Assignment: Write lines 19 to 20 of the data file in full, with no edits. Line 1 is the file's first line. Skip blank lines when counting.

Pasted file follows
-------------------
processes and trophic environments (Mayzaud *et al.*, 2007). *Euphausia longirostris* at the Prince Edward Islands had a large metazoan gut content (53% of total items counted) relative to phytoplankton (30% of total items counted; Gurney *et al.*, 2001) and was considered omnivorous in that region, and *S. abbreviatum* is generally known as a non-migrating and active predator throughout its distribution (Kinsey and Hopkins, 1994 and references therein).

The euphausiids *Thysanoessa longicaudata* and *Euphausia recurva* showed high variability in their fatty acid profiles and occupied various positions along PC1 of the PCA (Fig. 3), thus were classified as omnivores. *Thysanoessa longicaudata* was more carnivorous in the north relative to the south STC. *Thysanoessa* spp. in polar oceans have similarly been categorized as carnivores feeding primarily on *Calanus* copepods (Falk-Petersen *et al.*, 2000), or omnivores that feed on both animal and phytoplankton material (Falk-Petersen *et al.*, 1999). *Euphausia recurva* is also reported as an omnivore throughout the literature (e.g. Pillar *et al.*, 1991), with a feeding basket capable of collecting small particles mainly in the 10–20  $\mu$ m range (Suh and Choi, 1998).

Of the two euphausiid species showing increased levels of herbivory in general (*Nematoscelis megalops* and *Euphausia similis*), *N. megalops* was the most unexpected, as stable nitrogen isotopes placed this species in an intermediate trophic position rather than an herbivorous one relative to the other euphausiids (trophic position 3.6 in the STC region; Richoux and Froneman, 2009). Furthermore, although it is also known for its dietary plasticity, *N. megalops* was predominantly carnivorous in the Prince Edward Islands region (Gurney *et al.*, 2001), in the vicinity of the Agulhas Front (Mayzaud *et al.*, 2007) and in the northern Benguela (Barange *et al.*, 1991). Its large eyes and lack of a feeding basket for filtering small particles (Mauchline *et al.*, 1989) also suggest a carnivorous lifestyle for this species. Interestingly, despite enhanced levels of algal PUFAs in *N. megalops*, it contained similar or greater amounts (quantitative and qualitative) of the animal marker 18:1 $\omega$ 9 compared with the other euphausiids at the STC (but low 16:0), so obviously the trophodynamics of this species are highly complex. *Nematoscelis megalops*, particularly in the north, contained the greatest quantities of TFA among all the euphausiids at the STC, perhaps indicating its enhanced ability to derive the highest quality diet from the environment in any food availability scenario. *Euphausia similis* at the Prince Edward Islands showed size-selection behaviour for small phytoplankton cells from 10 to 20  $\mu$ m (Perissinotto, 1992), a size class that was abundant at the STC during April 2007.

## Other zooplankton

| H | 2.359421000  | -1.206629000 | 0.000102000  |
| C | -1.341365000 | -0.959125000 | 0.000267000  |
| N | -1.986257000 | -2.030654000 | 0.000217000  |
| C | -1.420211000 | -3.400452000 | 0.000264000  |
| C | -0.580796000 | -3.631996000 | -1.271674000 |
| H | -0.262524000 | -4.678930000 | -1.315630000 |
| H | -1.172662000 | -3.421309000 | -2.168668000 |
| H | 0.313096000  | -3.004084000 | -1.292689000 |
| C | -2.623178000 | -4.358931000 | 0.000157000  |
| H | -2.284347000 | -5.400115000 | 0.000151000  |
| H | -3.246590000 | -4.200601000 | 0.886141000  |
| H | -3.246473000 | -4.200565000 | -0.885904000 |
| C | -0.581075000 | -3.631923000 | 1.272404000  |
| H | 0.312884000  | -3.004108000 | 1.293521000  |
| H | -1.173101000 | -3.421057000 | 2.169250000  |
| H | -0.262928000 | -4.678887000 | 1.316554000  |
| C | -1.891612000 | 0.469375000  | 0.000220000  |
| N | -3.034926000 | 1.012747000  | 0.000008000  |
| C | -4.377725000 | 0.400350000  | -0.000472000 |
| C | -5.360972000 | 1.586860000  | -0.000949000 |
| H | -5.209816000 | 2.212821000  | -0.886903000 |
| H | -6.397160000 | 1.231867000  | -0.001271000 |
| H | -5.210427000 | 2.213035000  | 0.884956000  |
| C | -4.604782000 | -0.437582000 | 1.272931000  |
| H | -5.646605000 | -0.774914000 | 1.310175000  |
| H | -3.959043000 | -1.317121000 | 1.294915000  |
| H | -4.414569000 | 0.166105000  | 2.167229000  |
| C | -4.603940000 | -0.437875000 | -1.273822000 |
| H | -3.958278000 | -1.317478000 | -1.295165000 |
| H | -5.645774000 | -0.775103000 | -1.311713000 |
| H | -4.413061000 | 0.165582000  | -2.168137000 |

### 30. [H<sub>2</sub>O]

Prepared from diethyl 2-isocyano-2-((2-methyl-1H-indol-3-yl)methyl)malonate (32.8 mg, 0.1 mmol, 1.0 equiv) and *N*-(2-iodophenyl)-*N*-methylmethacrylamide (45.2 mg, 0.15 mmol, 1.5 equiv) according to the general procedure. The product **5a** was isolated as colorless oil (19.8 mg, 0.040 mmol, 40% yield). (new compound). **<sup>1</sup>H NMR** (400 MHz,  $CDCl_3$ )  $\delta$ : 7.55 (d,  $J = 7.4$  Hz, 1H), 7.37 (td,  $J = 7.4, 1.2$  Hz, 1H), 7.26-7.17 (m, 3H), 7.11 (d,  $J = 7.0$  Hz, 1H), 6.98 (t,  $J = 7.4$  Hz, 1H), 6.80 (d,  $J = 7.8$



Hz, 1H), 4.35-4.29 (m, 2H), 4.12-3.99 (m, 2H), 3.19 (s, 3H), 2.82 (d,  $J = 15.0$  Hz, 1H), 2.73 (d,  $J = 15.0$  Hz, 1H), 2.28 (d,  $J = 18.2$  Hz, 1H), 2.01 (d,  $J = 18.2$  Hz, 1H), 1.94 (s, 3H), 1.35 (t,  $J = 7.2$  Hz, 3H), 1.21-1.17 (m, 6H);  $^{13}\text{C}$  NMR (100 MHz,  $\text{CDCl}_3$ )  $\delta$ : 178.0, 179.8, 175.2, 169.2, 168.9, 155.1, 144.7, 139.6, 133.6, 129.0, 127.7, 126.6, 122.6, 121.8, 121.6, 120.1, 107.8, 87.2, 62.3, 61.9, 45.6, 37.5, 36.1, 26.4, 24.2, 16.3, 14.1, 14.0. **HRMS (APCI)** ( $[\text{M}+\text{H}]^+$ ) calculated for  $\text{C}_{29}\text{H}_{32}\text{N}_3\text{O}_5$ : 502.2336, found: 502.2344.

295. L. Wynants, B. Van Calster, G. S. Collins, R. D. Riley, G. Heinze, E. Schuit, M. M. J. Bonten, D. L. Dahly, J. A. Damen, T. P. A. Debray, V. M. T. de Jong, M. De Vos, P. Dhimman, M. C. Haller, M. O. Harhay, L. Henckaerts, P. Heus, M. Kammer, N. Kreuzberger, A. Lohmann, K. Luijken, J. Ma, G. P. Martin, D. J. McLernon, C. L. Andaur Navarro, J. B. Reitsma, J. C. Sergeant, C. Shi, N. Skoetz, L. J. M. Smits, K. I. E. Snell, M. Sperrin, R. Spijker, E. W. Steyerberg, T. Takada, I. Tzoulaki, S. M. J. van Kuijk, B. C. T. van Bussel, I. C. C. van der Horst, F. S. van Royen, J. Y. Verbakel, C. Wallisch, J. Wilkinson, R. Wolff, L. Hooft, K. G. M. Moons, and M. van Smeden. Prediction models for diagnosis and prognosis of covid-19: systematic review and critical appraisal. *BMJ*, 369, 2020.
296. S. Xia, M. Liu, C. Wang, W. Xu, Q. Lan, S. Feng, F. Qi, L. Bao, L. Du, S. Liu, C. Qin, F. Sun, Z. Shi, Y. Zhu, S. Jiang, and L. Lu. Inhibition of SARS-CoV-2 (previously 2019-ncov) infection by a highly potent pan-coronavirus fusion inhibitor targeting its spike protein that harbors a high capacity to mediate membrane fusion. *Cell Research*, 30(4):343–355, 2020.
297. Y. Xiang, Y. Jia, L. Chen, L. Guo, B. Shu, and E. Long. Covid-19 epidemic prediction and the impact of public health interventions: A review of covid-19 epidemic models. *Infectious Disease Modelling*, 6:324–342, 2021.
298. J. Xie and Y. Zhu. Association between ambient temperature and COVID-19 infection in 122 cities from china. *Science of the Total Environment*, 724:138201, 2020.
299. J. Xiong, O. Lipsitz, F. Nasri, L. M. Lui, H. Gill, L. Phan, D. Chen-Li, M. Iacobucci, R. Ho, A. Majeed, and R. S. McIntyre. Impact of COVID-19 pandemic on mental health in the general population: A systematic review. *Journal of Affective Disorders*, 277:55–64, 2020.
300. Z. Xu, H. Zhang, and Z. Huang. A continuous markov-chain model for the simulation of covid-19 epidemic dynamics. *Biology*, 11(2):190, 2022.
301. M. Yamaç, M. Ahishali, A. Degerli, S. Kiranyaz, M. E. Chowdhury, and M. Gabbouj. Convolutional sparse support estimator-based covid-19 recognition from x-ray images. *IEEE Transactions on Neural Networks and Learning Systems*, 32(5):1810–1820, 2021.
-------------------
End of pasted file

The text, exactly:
| H | -1.173101000 | -3.421057000 | 2.169250000  |
| H | -0.262928000 | -4.678887000 | 1.316554000  |